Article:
The links should be working again...and again i thank you.
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Old 03-20-2009, 02:54 PM
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Those bee hive springs are popular with guys who run the Vortec heads on V8's, so I'll bet they're good for your engine, too. But you still need to address the non-adjustability of your valve train.

I would suggest that you remove a rocker arm to see what's up w/them as well as the girdle? or whatever that actually is.

Only problem w/that is not knowing to what torque to re tighten the bolt to. I'd say 20-25 ft/lbs. but that's a total guess.

If you take it off, check the diameter of the threaded part of the bolt and that'll indicate about what the torque should be (at least how much you could put on it, less may be needed).

Have you looked for Volvo marine sites/forums? I'm thinking that this is a Volvo marine deal...
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Old 03-20-2009, 03:12 PM
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First, that cam is a big no-no. Water reversion with wet manifolds is surprisingly easy to do. Keep your @50 overlap to no more than -11*. That cam is at -3*. On a larger engine like a 350 you can push it to -9, but no more for an I/O cruiser. And DON'T listen to cam manufacturers about I/O cams. I asked Comp about a cam for my 350 and asked how that cam avoided water reversion. Their response was, "water reversion? what's that?" They do a fair job of creating lobes and profiles that suit boat's torque needs, but they suck at knowing actual marine engine parameters.

You don't want to go wild with a cam anyway. Boats need torque, not HP. I've seen guys shift their torque peak up with a cam and they can't even get on plane anymore despite adding 100 hp.

You need to increase the average TQ and HP under the curve without shifting your peak HP above 5000 rpms. Improved head flow without going too big on port size, slightly larger cam than the one that's in there, better aftermarket exhaust manifolds like ones available from GLM, and a few other tweaks, but the LAST thing you want to do is reduce torque in the low RPM range. That 4.3 is already a little crippled down there anyway.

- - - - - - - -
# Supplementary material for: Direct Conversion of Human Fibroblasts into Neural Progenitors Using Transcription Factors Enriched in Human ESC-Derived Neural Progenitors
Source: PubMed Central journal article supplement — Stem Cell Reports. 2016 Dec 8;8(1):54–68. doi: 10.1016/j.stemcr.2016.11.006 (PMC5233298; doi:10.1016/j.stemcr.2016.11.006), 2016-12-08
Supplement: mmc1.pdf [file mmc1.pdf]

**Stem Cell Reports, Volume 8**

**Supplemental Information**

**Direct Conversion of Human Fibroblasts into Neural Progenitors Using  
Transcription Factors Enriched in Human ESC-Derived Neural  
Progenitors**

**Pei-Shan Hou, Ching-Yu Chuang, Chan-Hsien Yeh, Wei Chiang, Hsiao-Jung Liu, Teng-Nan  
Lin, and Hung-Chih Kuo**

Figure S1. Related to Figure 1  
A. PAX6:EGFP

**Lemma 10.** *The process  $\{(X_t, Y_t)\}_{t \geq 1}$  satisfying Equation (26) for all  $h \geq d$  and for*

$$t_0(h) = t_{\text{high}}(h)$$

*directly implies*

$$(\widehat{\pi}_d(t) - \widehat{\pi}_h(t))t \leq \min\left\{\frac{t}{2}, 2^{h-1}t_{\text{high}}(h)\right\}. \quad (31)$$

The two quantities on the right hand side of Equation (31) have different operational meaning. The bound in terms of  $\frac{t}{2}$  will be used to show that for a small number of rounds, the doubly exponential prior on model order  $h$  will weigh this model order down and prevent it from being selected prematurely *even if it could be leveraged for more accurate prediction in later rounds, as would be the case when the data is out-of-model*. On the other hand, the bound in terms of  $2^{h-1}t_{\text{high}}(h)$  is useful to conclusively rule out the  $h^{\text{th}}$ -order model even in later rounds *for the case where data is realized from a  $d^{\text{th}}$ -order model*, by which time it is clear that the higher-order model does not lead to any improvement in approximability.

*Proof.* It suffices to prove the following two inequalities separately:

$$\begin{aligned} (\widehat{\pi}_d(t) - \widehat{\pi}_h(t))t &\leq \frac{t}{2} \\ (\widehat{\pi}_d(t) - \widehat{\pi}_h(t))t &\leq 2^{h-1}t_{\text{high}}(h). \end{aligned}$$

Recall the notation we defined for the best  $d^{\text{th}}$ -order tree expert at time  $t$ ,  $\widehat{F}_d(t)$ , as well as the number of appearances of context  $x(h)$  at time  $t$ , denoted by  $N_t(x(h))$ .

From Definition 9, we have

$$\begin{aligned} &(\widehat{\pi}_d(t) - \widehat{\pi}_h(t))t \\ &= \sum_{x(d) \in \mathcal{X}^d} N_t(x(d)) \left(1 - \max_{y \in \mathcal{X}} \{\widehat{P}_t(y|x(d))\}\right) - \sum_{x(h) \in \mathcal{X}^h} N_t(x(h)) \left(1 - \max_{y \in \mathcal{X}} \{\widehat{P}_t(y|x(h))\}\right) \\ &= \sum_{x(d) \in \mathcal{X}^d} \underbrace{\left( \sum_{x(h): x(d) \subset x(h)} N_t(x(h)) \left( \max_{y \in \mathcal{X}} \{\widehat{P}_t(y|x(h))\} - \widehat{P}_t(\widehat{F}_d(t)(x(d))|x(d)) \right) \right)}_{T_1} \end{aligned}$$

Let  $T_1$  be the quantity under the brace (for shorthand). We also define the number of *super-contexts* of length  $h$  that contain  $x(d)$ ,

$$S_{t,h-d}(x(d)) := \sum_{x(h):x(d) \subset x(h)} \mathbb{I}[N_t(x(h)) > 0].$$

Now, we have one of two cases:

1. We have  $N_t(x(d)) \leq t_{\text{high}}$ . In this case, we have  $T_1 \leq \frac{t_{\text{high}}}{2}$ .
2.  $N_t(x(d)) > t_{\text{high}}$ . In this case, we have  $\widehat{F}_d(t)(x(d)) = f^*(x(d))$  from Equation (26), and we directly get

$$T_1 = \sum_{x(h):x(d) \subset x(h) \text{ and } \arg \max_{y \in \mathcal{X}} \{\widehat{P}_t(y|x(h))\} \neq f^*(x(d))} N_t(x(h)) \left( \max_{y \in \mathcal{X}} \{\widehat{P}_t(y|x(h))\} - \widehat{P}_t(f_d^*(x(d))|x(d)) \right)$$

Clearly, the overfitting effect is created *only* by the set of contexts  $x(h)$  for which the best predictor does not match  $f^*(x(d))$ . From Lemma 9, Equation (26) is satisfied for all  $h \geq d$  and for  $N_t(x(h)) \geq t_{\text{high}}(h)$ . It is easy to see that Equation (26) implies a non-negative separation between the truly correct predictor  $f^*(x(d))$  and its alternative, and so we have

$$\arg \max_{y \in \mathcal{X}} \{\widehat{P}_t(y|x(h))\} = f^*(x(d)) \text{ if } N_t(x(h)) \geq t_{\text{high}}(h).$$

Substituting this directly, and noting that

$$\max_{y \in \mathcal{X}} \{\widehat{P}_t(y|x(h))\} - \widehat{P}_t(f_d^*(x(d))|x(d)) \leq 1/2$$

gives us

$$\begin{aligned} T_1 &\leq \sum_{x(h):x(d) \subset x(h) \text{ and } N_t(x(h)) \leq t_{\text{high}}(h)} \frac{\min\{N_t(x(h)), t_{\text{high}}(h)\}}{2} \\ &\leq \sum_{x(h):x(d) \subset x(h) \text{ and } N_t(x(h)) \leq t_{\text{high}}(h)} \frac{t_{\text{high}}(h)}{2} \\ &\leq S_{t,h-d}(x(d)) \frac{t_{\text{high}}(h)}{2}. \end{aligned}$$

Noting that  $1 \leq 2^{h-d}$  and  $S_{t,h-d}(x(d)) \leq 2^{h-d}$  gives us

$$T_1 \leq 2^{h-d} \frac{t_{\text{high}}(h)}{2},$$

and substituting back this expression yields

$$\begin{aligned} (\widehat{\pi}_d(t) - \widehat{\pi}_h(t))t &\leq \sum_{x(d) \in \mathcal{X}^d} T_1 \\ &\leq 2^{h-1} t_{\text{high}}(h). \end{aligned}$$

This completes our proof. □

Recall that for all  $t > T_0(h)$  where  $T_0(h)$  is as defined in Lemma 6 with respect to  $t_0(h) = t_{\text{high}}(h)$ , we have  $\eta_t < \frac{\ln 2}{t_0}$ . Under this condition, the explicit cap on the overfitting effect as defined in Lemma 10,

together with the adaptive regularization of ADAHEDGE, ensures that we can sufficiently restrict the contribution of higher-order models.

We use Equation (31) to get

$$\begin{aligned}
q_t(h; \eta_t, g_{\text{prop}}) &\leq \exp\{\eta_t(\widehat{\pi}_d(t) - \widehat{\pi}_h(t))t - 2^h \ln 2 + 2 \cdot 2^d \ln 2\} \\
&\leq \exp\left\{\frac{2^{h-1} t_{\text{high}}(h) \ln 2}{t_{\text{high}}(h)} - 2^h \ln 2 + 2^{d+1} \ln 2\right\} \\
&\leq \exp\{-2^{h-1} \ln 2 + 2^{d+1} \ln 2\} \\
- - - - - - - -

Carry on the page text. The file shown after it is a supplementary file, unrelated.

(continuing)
The other thing to consider is cost. Marine performance parts aren't cheap, and for $1000 you can drop in a 350. The other thing to consider is that even if you add 40 hp, you'll only gain a few MPH. Make sure its worth the investment.

In a car, if you want to add HP to an existing engine, you are going to have to shift the peaks up. If you want more HP, you lose low end torque, period. In a boat, the best and most logical way to gain HP is to increase displacement. That way you retain the same low end torque, but add HP. Another consideration is to artificially add displacement - use forced induction. The rule on the water is keep it simple, so most forced induction is left to race boats and trailer queens, but if you're willing to put up with the reduced reliability, go for it. Again, weigh the costs of just dropping in a 350.

Just for comparing... my 19' baja was good for about 50 mph with the 305. I upgraded to a 350 vortec, and until I added the late-model coupler, added performance manifolds, rejetted the holley, bought a new prop, and remortgaged the house, I had added 110 hp and a whopping 8 mph.

Last edited by curtis73; 03-20-2009 at 03:17 PM.
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Old 03-21-2009, 10:57 PM
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I believe i will not have reversion issues with this cam it has been run successfully on many I/O's...But you puzzle me somewhat are you saying a 6 cyl will produce more vacuum than a 8. Bore and stroke are the same along with engine height and riser height.

http://www.offshoreonly.com/forums/g...-my-406-a.html

Here is some very good info on the subject and this cam

Actual overlap cannot accurately be calculated using .050 figures.

http://members.uia.net/pkelley2/Overlap.html

Using seat to seat (.006 SAE standard) the

Flat Tappet
XM 262 H-12 41 deg overlap
XM 270 H-12 54 deg overlap
XM 278 H-12 61 deg overlap
Hyd Roller
XM 264 HR-12 43 deg overlap
XM 270 HR-12 49 deg overlap

Isky 281-12 51 deg overlap

The XM 270 HR-12 has Int .030 and Ex .018 more lift than the Isky with 2 deg less overlap. Isky does calculate their advertised duration figures @.020 rather than .006 like Comp Cams so in apples to apples the XM 270 HR-12 could be closer to 4 deg less overlap.
Hope this helps,
Bob


As to the cost vs yield i can afford this and i truly believe just recalibrating the ecm's fuel mapping and timing curves would get 4-5 mph.. We have different approaches to this i am sure..

But i do thank you for your input and will do some further research on this....By the way i do have some Corsa exhaust sitting in the garage. But have you ever heard a v-6 or v-10..notes on a open header exhaust or high perfromance exhasut...

Last edited by Tail_Gunner; 03-21-2009 at 11:31 PM.
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Old 03-21-2009, 11:08 PM
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Were you able to find out any details on your rocker arms yet?